The Children's Society's recent Counting Livesreport sets out the variety of forms child criminal exploitation (CCE) can take. It can include children being forced to work in cannabis factories, being coerced into moving drugs or money, made to shoplift or pickpocket, or to threaten other young people. It has recently become associated with one specific model known as "county lines". In this model, organised criminal networks exploit young people and vulnerable groups to distribute drugs and money across the country through dedicated mobile phone lines often from cities to counties - hence the term county lines.
In a report from the National Crime Agency, 88 per cent of English police forces reported county lines activity. The agency recently assessed that there are more than 1,500 lines operating nationally, with evidence of increasing levels of violence.
The Counting Lives report highlights that all too often children involved in this activity are criminalised instead of being seen as victims and offered support. A factor in this is the lack of a statutory definition of CCE. The Children's Society uses a definition from young people, who describe it as "when someone you trusted makes you commit crimes for their benefits".
Prevalence of gangs
The National Crime Survey includes data from the Office for National Statistics that shows 27,000 children in England identify as a gang member. However, a report published in February by the Children's Commissioner for England analysed data from a wide variety of sources including that held by youth offending teams, children's services and local safeguarding children boards to produce a more complete picture on the extent of young people's links to gangs.
The Keeping Kids Safe report found that 313,000 children aged 10 to 17 knew someone they would define as a street gang member. This included 33,000 children who were a sibling of a gang member and a similar number who know a gang member and have been a victim of violent crime in the previous 12 months. Just one in five gang members or associates are known to children's services and youth offending teams, the analysis found (see expert view, below).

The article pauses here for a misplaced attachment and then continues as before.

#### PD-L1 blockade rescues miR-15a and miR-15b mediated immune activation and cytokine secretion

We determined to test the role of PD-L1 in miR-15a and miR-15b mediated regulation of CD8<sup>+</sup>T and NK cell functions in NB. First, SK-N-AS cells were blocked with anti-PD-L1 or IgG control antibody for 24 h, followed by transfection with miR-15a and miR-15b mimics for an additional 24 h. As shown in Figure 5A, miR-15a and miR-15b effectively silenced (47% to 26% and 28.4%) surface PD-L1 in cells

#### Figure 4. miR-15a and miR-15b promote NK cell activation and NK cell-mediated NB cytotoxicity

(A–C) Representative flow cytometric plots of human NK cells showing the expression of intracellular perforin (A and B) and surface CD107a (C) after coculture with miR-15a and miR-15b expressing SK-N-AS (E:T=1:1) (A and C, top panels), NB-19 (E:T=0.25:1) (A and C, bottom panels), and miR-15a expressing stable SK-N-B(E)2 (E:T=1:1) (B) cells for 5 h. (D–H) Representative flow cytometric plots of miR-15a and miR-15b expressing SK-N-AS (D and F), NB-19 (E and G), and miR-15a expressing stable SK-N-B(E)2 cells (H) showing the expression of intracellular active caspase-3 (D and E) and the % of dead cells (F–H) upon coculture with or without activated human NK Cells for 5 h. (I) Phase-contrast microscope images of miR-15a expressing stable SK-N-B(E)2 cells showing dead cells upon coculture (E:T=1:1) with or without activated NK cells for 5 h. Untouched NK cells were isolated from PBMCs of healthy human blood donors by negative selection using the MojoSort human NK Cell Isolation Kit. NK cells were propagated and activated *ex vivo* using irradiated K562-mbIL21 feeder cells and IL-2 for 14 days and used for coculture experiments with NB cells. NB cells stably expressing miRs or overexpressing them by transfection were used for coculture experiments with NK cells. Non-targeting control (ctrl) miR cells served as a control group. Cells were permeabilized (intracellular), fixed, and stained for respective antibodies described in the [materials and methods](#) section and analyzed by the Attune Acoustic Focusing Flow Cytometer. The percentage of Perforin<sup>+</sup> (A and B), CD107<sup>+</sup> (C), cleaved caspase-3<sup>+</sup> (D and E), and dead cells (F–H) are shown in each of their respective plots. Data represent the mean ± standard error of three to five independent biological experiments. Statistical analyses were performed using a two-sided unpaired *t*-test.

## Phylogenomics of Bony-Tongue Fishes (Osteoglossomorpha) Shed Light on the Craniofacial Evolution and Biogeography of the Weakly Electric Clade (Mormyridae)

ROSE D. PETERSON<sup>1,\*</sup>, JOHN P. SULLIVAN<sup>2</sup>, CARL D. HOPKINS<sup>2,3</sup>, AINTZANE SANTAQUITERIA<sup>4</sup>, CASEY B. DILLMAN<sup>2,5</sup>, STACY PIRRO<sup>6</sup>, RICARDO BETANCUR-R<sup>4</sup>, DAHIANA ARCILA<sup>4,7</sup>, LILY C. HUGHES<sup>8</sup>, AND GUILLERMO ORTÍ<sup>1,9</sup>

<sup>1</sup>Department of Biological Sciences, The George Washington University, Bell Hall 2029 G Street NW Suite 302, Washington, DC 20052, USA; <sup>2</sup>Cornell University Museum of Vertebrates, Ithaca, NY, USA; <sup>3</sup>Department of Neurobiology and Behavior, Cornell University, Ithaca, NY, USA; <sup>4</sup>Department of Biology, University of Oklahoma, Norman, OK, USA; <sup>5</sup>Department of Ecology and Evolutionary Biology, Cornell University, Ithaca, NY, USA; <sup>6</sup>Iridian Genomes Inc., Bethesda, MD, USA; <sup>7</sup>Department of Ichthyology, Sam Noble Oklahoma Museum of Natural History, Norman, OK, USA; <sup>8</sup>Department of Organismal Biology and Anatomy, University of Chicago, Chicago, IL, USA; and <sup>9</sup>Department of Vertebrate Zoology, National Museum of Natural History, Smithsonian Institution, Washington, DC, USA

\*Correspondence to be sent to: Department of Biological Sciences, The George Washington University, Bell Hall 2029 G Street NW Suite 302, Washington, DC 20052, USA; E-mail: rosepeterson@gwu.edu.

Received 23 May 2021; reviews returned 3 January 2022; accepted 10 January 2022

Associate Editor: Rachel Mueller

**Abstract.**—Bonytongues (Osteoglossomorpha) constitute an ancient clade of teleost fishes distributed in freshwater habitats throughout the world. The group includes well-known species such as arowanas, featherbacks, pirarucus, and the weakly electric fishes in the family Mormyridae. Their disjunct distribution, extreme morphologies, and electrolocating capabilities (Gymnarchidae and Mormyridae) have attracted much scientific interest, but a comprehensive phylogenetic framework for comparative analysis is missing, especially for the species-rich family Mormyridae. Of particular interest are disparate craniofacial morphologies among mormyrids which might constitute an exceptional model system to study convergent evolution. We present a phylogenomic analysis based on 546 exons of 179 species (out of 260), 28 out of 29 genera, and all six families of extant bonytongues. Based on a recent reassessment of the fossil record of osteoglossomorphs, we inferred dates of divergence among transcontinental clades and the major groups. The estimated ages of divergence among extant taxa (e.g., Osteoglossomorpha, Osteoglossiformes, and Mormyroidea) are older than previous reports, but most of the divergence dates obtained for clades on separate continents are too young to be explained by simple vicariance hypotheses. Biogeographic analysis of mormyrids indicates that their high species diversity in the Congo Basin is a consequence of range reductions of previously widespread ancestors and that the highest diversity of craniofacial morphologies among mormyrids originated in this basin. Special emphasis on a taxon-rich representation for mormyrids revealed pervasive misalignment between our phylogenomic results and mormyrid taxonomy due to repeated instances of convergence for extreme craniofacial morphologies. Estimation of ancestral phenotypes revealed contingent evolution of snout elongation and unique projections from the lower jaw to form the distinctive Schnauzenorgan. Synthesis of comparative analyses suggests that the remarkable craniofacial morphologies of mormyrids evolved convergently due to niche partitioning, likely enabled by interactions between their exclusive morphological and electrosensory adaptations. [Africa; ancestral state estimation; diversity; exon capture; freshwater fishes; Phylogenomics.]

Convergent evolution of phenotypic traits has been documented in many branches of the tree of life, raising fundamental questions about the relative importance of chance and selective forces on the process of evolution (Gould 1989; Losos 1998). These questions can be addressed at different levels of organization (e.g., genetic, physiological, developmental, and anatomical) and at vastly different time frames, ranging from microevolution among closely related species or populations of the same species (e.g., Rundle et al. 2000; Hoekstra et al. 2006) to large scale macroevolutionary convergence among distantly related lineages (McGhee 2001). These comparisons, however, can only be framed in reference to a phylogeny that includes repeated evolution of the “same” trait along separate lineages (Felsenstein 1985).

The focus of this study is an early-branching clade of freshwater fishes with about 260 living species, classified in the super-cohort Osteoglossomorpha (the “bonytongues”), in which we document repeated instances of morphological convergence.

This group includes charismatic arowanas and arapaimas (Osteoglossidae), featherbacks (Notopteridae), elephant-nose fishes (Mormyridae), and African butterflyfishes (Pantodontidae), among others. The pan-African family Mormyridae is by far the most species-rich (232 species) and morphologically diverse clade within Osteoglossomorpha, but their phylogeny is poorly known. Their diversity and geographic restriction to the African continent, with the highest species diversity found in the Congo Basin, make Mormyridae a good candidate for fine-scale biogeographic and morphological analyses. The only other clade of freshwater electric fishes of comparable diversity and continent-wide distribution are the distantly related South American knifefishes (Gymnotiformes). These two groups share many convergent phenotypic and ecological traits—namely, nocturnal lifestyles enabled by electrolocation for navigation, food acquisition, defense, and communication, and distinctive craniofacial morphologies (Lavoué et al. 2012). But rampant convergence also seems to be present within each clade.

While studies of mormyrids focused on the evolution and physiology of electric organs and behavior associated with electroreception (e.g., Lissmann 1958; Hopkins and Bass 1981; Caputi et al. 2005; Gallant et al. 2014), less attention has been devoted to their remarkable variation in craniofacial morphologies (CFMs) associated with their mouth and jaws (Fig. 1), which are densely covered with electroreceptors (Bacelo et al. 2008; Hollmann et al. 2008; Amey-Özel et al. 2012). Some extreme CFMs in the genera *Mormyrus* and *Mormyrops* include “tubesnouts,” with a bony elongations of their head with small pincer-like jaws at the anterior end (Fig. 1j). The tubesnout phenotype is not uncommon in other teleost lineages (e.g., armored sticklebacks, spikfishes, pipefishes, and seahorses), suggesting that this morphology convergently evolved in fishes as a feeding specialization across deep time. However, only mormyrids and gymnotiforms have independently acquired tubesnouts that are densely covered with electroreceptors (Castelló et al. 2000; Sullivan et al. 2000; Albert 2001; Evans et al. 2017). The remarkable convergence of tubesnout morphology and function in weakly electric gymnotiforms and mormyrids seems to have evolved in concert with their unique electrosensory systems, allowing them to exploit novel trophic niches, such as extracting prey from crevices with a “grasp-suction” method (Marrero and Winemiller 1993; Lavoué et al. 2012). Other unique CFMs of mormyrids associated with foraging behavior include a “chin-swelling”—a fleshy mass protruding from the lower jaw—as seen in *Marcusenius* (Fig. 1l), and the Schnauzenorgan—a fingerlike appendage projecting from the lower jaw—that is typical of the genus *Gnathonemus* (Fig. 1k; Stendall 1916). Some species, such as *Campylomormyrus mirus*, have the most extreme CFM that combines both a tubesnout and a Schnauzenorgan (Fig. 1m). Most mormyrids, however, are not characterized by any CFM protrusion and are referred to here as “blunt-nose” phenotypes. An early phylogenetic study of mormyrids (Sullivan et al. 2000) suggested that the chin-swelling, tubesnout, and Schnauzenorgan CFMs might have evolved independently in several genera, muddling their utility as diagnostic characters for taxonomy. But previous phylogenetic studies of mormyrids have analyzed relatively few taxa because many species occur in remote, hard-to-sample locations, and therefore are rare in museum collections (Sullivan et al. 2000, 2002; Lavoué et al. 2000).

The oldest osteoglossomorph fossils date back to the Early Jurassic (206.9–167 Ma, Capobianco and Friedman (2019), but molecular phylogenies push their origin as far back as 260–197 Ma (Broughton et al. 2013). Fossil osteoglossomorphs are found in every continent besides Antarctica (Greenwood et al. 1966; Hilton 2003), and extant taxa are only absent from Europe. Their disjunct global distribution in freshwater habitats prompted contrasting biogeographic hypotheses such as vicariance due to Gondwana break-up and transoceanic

Much of the data collected measures the extent of gang-related crime committed by young people. Levels are lower than a decade ago, but figures suggest it has been rising recently.
The London Assembly's gang crime and violence dashboard shows that the number of victims of serious youth violence rose around 50 per cent between 2014 and 2018, while the recorded knife crimes with injury of under-25s rose 60 per cent over the same period. Conversely, "gang flagged" offences over that time fell by a third in the capital.
Youth Justice Board data shows knife possession offences committed by children rose from 4.5 to 7.5 per 10,000 children between March 2014 and 2017. Cautions of 10- to 17-year-olds for knife or offensive weapon offences have risen from a low of five per 10,000 in 2014 to eight per 10,000 in March 2019. By comparison cautions/convictions of over-18s have remained largely stable over the decade.
Indicators of exploitation
A report published late last year by Ofsted, the Care Quality Commission and justice inspectorates concluded that all children are vulnerable to exploitation, not just specific groups. However, there are a number of characteristics that can indicate a child is at risk of CCE or involved in gangs. Analysis by the children's commissioner found that gang-associated children tend to have a history of substance misuse (81 per cent), go missing from home or a care setting (36 per cent) and have sexual exploitation identified as a risk factor (23 per cent).
Its work also shows that gang-affiliated children are significantly more likely to have experienced a chaotic and traumatic home life such as violence by a parent and neglect than other young offenders (see graphics).